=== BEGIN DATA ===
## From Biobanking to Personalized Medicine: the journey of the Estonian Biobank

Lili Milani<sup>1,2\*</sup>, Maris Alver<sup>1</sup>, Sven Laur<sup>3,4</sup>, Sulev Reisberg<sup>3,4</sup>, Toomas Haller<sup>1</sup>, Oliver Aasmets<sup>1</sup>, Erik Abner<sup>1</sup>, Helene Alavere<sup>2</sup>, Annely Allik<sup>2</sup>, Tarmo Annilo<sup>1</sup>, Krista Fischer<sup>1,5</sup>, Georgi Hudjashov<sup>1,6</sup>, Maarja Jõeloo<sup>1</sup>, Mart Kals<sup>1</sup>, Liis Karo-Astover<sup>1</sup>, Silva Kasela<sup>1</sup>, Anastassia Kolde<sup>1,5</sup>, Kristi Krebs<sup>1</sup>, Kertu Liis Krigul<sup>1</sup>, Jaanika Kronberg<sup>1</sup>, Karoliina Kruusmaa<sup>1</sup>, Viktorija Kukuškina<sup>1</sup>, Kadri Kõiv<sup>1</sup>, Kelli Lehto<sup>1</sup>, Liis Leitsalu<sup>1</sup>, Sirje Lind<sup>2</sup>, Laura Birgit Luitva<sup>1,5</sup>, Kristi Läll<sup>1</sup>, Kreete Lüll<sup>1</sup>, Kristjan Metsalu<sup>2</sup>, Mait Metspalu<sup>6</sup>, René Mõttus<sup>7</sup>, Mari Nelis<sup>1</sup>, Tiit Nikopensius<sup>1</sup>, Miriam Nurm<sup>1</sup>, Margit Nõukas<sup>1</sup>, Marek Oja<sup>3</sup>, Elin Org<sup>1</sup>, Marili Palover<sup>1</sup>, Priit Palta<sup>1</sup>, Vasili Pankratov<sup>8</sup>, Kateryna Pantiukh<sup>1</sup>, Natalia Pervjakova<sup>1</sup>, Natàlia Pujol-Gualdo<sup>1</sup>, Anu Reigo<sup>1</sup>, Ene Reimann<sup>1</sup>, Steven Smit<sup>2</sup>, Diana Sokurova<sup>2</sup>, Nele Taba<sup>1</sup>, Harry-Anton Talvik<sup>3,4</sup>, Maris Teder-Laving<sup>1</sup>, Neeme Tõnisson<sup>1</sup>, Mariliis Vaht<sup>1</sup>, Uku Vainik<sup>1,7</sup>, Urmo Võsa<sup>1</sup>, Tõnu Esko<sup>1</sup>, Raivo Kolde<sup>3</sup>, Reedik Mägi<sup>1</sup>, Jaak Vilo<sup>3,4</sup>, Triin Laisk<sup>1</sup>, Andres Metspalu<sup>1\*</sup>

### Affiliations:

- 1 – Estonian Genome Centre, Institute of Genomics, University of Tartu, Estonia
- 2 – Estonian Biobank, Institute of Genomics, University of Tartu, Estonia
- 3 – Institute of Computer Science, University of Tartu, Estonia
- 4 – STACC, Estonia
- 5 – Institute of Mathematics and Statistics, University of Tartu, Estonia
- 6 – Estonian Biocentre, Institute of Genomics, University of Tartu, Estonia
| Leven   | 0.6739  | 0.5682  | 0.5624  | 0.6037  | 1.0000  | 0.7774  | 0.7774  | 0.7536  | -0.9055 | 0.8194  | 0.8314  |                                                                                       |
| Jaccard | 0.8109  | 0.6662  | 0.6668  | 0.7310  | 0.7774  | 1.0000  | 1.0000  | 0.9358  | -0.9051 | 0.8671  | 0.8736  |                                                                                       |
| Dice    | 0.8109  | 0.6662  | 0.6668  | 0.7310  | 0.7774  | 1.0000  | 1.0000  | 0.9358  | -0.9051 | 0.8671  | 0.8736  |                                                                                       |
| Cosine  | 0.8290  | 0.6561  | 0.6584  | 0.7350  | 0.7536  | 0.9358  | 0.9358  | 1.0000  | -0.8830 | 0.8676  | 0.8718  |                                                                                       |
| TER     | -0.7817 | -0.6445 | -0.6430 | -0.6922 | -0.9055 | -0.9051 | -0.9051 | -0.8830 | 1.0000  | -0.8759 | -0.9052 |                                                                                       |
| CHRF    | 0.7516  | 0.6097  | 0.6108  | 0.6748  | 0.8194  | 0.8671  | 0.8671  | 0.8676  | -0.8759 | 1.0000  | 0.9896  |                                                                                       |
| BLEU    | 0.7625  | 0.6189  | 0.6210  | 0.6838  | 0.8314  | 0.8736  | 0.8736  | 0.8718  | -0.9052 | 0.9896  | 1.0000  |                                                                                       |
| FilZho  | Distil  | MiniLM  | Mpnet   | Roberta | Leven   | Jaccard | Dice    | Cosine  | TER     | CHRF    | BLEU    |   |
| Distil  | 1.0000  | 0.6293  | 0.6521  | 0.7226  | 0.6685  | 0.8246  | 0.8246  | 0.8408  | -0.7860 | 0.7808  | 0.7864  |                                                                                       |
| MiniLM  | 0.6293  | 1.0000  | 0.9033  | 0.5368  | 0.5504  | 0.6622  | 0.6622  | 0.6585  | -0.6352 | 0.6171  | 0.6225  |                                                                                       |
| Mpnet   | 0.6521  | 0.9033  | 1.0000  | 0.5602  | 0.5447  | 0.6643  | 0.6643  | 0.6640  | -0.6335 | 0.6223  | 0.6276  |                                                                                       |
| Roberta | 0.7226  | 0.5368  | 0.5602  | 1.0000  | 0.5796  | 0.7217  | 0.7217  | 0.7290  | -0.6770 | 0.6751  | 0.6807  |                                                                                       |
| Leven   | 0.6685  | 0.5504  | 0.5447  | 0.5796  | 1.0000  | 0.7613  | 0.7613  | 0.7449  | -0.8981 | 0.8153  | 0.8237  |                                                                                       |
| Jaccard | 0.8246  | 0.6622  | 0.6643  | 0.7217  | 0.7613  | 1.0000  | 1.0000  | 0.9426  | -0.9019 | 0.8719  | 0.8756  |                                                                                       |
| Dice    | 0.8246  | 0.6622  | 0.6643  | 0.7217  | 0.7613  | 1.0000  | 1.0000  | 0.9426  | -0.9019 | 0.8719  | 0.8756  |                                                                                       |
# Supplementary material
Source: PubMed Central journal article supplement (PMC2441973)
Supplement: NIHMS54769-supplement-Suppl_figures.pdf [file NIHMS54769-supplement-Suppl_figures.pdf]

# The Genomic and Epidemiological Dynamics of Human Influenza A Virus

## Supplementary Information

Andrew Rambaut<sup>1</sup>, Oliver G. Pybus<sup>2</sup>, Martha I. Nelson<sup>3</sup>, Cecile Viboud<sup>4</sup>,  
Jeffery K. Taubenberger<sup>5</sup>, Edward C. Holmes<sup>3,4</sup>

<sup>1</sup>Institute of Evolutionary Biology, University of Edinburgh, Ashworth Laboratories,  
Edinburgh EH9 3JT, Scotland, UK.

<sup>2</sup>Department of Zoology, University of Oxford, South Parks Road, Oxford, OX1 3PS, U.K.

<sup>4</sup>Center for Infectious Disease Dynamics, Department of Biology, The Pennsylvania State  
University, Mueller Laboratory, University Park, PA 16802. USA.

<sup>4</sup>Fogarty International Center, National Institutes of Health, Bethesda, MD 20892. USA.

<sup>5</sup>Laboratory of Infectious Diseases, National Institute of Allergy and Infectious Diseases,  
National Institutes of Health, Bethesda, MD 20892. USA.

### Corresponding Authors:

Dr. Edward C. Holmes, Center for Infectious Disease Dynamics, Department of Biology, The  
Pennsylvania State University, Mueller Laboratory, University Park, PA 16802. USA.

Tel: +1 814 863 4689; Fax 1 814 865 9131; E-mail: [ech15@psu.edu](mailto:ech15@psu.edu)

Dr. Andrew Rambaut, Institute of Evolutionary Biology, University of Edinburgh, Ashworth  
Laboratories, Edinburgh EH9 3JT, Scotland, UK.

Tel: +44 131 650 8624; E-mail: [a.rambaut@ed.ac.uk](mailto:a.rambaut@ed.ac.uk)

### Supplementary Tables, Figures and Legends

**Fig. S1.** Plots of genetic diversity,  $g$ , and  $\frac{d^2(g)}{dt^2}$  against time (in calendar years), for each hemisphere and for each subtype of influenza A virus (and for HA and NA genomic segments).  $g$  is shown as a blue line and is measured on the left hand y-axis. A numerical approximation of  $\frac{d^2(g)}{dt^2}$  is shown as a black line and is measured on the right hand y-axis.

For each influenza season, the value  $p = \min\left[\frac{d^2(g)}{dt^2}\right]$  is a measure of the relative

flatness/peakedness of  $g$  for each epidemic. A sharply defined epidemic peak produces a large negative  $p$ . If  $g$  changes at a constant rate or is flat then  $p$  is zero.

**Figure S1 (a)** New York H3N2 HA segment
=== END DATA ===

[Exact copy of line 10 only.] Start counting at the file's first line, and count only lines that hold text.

| Leven   | 0.6739  | 0.5682  | 0.5624  | 0.6037  | 1.0000  | 0.7774  | 0.7774  | 0.7536  | -0.9055 | 0.8194  | 0.8314  |                                                                                       |